In this article we’ll continue reviewing Angular module best practices. We’ve already covered how the SharedModule helps us eliminating 3rd party module listings and circular dependencies. We also reviewed the benefits of having a separate RoutingModule. Now we’ll check how to make true singleton services and organize them using the CoreModule.
As usual, there’s no CoreModule class shipping with Angular, we’re talking about best practices and conventions here.
What’s in a CoreModule?
The idea behind a CoreModule is that we put all global services in one place and import them to where they are required. The following services would be global:
- Your HttpClient wrapper service: it’s a great idea to create a wrapper around it. You’d shield yourself from obsoletions and breaking changes. Consider that HttpClient is the second Angular Http service implementation. No guarantee there wouldn’t be a third.
- Your Authentication service, if there is one. No point having multiple instances for multiple modules.
- Your logging service.
- A wrapper around the ngRx store – we’ll cover this much later.
Note that contrary to SharedModule, CoreModule does contain logic. You don’t need to keep it stupid, actual business rules can and should be written here.
Global singletons in Angular
Angular services are application-wide singletons, right? Well, the correct answer is that it depends. As long as you don’t use lazy-loading then technically they are. As soon as you start to lazy-load your modules it gets trickier.
If you have a theoretical BuzzService and inject it into your eagerly loaded AppComponent then you have one instance. It’ll be a singleton the same instance in all your other eagerly loaded components as well.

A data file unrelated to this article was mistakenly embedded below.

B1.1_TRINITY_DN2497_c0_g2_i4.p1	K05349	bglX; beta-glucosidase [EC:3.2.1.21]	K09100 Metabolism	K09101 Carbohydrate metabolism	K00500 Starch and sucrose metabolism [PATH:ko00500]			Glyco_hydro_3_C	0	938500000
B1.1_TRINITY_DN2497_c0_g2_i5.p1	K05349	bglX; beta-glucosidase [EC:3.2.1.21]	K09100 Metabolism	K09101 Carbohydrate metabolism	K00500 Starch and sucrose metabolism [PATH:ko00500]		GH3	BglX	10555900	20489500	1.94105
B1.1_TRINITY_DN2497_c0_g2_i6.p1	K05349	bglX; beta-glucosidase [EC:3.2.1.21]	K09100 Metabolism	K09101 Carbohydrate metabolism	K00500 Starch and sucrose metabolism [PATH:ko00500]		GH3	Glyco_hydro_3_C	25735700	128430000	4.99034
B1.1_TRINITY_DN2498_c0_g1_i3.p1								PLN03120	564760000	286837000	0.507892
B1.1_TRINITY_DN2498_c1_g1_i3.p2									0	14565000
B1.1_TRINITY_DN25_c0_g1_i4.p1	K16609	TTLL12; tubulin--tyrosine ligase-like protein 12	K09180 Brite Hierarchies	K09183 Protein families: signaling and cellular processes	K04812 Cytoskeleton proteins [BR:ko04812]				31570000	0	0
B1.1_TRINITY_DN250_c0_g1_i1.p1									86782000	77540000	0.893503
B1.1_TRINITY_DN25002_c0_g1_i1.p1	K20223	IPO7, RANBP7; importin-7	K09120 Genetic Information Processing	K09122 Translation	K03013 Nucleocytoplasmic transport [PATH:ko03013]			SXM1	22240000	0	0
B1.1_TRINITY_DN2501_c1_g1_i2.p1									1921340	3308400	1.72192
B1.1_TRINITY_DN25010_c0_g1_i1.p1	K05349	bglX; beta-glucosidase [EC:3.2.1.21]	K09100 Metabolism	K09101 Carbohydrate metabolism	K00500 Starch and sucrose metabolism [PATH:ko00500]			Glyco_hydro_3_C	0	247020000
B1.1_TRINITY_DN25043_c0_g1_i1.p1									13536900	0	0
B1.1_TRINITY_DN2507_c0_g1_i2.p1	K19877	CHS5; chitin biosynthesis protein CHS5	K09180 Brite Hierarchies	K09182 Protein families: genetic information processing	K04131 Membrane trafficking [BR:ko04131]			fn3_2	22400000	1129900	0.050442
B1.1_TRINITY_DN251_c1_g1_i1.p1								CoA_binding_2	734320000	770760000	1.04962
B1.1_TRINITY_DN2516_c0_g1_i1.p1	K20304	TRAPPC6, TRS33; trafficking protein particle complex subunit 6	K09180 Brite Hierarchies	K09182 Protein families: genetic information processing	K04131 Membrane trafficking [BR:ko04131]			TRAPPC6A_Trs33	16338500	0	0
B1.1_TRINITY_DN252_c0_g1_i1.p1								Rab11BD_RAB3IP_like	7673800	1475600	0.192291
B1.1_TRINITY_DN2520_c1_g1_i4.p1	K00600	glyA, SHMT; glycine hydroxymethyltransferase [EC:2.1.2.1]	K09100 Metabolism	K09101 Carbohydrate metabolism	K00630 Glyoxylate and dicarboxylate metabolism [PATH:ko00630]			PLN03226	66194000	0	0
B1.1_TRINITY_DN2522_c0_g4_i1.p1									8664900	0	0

Let’s assume you have a lazy-loaded Settings and Dashboard module, both having components injecting BuzzService. When you load your SettingsModule you’ll get a second instance of BuzzService. The same happens when you load the DashboardModule – boom, a third instance. Depending on your use case this might or might not cause problems. Let’s see how to solve this and make our CoreModule services true singletons.
forRoot and providing services
Let’s see the code for a complete CoreModule and dissect it:
Until line 8 there’s nothing really new or noteworthy. On line 9, however we are defining a static method. Its name is forRoot, a convention you should follow too. This forRoot method returns an implementor of the ModuleWithProviders interface. This interface has two members, the type of the module called ngModule, and an array of providers.
As you can see in the example we use the same type as defined in the module. We list the providers here instead of the NgModule decorator. The last thing we need to do is import our CoreModule using the forRoot method in our AppModule. Note that you only use forRoot in AppModule and nowhere else. Here’s an example:
Notice that on line 10 we used CoreModule.forRoot instead of the “normal” way. This ensures that all our services provided by CoreModule (at least those which are listed in the forRoot method) are true global singletons, regardless of how they are loaded.